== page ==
By Terra Leigh Bell
James Moore in Mopey, 2005 (Angela Sterling photo)
Maybe it was because I was expecting the Balcony Scene from Jean-Christophe Maillot’s “Roméo et Juliette” to be first, but PNB’s Bumbershoot performance ended up shocking me— in a very welcome way—with a robustness and even a masculinity that one does not always encounter in the world of dance.
The performance was book-ended by three of the strongest male dancers I’ve ever seen. The first piece was Marco Goecke’s “Mopey,” performed by James Moore. I have been hearing people croon over Moore’s 2005 performance of this piece ever since I started seeing PNB regularly in 2006. I can only say that I now understand why.
What is “Mopey,” you ask? Well, you know that strange creature called a teenage boy who insists on belching loudly in public? Who seems incapable of speaking to women’s faces? And whose every waking moment is characterized by equal parts rage and helplessness? Ah, yes, well here he is. Only, of course, Moore is so beautiful and sympathetic—he brings the piece such an animal-like grace—that you end up feeling sorry for the jerk. Goecke’s piece is a 15-minute long overflow of internal urges that don’t appear to be welcome to the person experiencing them. It is an extremely muscular piece, and the dancer moves with a shaking and frantic energy that he does not seem to have control of. The feelings themselves, like that awful adolescence, seem to alienate the…man?…boy?…from the very world that his drives are telling him he must join. The piece is obsessive and frankly a little bit frightening if taken seriously. Goecke’s choreography explodes with the emotions we do not have mastery over—the urges that may or may not respond to the cries of respectable society to behave.
This bit of simultaneously hyper- and anti-sexual movement stood starkly against the second piece, Maillot’s Balcony Scene, and the contrast between the two pieces was fascinating in itself. Dancers Carla Körbes and Lucien Postlewaite danced Juliette and Roméo. It seemed particularly funny to have this piece directly after Goecke’s because I have seen Moore dance Roméo, so I wondered if maybe our “Mopey” teenager had undergone a sudden growth spurt and become somehow decent. Or maybe Roméo and the “Mopey” persona are exactly the same; he just knows when to show off for the girl.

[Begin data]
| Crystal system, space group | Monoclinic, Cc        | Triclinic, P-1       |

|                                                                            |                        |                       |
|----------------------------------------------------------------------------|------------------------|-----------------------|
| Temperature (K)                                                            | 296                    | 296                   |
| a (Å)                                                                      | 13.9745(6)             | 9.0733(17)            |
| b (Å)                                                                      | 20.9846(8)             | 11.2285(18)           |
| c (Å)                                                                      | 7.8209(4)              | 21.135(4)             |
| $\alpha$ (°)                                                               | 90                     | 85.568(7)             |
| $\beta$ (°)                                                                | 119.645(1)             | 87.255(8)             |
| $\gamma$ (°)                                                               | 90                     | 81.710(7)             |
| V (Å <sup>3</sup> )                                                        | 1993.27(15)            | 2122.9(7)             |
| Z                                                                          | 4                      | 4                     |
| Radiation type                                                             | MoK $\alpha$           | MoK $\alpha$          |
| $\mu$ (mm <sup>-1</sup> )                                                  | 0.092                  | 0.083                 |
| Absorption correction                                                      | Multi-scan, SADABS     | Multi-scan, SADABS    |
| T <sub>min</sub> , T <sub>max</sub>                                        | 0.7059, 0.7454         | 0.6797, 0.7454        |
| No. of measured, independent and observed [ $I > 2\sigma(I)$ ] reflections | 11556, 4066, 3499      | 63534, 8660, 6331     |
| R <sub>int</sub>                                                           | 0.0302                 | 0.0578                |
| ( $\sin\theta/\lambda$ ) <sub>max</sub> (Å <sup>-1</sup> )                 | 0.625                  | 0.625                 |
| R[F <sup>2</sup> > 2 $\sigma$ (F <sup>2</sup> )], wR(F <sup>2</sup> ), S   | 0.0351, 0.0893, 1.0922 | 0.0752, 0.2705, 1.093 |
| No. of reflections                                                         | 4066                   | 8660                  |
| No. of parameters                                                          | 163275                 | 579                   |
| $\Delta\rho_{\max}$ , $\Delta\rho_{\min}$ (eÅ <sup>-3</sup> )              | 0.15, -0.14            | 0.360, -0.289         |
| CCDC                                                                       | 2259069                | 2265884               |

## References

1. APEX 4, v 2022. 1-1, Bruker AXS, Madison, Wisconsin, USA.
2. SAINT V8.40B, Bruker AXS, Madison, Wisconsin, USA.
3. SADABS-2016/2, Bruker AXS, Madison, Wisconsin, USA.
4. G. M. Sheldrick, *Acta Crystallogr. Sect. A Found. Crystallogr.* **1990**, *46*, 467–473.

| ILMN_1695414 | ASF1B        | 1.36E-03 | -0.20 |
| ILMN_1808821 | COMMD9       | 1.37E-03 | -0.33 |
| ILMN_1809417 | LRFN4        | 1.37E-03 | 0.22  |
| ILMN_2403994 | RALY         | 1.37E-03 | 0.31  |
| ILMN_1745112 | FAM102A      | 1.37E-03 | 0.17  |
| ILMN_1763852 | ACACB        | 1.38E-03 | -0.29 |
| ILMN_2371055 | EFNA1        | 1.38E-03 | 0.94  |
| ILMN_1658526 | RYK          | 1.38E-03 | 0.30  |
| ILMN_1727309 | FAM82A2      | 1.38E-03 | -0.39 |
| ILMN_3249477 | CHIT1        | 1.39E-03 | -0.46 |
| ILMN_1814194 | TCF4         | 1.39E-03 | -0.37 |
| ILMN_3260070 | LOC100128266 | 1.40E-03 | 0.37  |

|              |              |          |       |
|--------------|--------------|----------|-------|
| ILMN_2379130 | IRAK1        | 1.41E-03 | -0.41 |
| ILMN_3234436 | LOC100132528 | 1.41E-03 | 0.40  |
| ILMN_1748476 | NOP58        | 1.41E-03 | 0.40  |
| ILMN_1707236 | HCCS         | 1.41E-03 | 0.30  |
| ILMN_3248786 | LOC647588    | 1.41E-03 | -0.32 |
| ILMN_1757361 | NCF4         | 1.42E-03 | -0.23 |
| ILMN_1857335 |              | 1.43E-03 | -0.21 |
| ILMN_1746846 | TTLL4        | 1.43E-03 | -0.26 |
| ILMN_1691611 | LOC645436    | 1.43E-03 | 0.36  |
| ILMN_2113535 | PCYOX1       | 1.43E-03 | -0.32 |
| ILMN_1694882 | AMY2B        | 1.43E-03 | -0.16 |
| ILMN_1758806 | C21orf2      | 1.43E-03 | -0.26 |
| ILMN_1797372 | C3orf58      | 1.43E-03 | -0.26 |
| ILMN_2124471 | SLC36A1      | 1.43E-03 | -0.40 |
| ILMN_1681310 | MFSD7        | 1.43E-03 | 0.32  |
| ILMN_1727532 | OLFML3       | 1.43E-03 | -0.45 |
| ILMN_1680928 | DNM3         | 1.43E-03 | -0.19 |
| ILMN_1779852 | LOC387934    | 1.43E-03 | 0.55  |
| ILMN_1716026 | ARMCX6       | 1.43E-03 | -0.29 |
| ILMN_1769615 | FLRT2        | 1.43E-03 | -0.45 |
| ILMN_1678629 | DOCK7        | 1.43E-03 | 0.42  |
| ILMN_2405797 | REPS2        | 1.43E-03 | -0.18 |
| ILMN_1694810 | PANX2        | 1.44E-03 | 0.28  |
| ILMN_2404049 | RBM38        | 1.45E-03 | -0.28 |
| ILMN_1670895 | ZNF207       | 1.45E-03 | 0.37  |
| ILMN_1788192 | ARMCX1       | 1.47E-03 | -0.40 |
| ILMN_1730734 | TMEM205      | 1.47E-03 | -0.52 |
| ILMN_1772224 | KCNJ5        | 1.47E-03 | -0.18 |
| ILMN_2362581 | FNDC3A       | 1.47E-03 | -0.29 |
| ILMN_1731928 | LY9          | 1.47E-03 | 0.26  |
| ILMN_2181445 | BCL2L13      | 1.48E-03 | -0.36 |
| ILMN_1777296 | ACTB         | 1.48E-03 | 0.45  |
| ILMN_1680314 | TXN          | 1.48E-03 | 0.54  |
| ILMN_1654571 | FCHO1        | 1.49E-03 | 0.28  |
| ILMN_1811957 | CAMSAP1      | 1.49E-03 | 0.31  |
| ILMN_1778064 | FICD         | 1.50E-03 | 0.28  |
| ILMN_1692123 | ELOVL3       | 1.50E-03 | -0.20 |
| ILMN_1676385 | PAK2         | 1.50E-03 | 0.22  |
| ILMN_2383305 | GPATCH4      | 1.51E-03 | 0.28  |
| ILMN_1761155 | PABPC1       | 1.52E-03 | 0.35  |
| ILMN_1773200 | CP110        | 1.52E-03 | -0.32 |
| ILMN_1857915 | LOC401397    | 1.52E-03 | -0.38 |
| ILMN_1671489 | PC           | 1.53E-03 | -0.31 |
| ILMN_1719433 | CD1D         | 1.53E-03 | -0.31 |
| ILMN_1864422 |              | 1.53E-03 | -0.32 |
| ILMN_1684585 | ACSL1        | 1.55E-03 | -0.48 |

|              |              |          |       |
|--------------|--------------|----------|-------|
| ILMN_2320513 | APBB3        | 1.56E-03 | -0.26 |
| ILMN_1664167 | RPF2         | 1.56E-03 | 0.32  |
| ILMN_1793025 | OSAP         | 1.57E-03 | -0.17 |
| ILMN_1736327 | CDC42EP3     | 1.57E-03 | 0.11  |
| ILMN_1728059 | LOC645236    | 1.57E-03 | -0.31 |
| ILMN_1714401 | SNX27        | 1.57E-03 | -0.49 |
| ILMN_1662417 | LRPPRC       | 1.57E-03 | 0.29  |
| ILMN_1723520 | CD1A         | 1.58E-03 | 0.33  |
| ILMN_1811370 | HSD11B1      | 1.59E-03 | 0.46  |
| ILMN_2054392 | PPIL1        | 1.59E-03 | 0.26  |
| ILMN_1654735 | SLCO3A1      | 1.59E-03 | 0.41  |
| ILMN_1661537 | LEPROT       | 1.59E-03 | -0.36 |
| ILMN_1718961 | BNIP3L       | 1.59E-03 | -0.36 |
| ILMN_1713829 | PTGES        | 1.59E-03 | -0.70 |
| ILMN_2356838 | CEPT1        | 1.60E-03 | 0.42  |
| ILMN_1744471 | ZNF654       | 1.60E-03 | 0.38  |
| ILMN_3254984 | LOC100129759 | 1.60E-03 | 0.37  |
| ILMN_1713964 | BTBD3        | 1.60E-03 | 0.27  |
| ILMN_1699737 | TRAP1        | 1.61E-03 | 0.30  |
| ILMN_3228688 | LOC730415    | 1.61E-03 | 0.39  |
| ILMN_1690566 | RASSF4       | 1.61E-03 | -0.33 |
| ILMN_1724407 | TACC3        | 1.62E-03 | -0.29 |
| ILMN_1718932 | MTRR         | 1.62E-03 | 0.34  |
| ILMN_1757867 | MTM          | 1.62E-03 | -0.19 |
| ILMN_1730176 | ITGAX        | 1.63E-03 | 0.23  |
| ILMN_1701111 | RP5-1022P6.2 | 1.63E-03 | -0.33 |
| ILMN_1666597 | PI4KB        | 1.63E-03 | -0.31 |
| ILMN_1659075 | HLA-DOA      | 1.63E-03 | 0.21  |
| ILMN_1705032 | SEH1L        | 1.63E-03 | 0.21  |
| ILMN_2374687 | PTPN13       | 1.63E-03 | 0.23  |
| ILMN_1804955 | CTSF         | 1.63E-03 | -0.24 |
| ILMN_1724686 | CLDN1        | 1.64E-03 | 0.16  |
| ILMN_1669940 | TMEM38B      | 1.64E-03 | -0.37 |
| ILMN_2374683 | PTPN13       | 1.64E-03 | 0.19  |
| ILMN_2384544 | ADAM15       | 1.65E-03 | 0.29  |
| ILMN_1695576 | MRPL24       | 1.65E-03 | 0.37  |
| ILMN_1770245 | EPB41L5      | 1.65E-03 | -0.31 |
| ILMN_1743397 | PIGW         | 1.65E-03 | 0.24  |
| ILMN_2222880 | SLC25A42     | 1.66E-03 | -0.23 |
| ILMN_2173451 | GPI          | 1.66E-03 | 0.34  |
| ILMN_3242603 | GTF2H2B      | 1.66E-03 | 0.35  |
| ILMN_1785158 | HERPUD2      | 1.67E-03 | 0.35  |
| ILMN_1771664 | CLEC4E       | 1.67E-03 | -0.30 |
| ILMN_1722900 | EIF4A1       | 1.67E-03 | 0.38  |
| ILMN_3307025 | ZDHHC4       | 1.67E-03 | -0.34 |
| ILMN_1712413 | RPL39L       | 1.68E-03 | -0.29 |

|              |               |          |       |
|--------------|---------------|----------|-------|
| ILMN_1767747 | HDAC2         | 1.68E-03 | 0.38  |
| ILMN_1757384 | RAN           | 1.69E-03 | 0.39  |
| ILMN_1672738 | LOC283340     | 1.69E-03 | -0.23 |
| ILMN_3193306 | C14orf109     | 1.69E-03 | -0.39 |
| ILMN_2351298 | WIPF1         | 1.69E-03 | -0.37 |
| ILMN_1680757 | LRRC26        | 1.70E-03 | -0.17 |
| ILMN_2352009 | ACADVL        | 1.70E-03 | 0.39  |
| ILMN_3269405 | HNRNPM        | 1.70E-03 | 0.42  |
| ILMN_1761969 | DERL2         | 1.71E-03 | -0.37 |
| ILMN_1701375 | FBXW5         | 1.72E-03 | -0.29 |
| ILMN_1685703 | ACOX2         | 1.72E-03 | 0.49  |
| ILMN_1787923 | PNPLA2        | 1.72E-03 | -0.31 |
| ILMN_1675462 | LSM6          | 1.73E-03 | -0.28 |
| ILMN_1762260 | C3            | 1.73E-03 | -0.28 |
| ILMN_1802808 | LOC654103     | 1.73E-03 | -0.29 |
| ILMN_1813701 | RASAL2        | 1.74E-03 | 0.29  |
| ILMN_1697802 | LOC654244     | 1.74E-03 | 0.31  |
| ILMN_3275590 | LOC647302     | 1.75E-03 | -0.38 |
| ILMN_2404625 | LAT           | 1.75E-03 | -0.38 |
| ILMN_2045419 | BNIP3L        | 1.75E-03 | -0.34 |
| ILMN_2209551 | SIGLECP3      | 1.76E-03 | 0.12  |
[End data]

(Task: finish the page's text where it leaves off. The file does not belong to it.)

The entire scene—the whole ballet for that matter, which is coming up shortly at McCall Hall—sustains a pitch-perfect mixture of the dreamy and the shock of innocence as it encounters erotic love. The dancers moved with the same liquidity and ferocity that characterizes the Prokofiev music. The only detraction from the pleasure of this piece was that the Bagley Wright Theatre floor seemed not meant for dance. Both Postlewaite and Körbes slipped a couple of times, and Körbes did actually fall once. Otherwise, though, the piece was perfect and gives a very good idea of what audiences are in store for if they come to the full-length ballet.
PNB’s 2008 Vespers (Angela Sterling photo)
This was followed by Ulysses Dove’s “Vespers.” I am not as a great a lover of Dove’s work as some, but this performance was compelling. Rachel Foster in particular was riveting. Like fellow PNB dancer Ariana Lallone, Foster is clearly either a reincarnated witch-doctor, or a medieval Inquisitor. Or possibly—delicious thought!—even both?
Dove created “Vespers” in memory of his grandmother and the women she worshipped with. And here is another piece that argues against the—ahem—airy-fairiness I sometimes find in ballet. “Vespers” shows a clear-eyed vision of a feminine religiosity that is at once welcoming and frightening. Welcoming, in the sense that the dancers repeatedly break apart and go off to engage in their own private worship solos and one feels that somehow you could be a part of it. But it is still unsettling in its insistent return to the community worship and the energy conjured up by women moving, breathing, and praying in unison. Praying to something you can’t see. The dancers gaze off at this something, and you know that if you were to stand in their line of sight they would either look through you, or shove you out of the way.
(Angela Sterling photo)
The final piece was entirely new to me. “Ultimatum,” choreographed by PNB principal dancer Olivier Wevers, premiered just last year at the Men in Dance performance here in Seattle. The dancers this time were Jonathan Porretta and Lucien Postlewaite, and here again is dance pushing towards something beyond what might be expected of it. Here are two men, dancing together, at once lovely and muscular.
Please don’t get me wrong. I don’t mind the optimism and heterosexual ardor of ballet—I love both qualities, in fact—but it was a pleasure to get to see Porretta and Postlewaite given license to show off their abilities without the necessary grin or look of longing directed at a ballerina they are rushing to get to in time for the next lift.
This one was a particular treat since it’s not on the line-up for PNB this next season. Like everything I have seen by Wevers, the piece is distinctly playful, although he did bring a reflectiveness to it that I haven’t seen in his work before. Wevers premieres his new dance company Whim W’Him, this coming January at On the Boards. Which means that Seattle has several thrilling things to look forward to in the next year.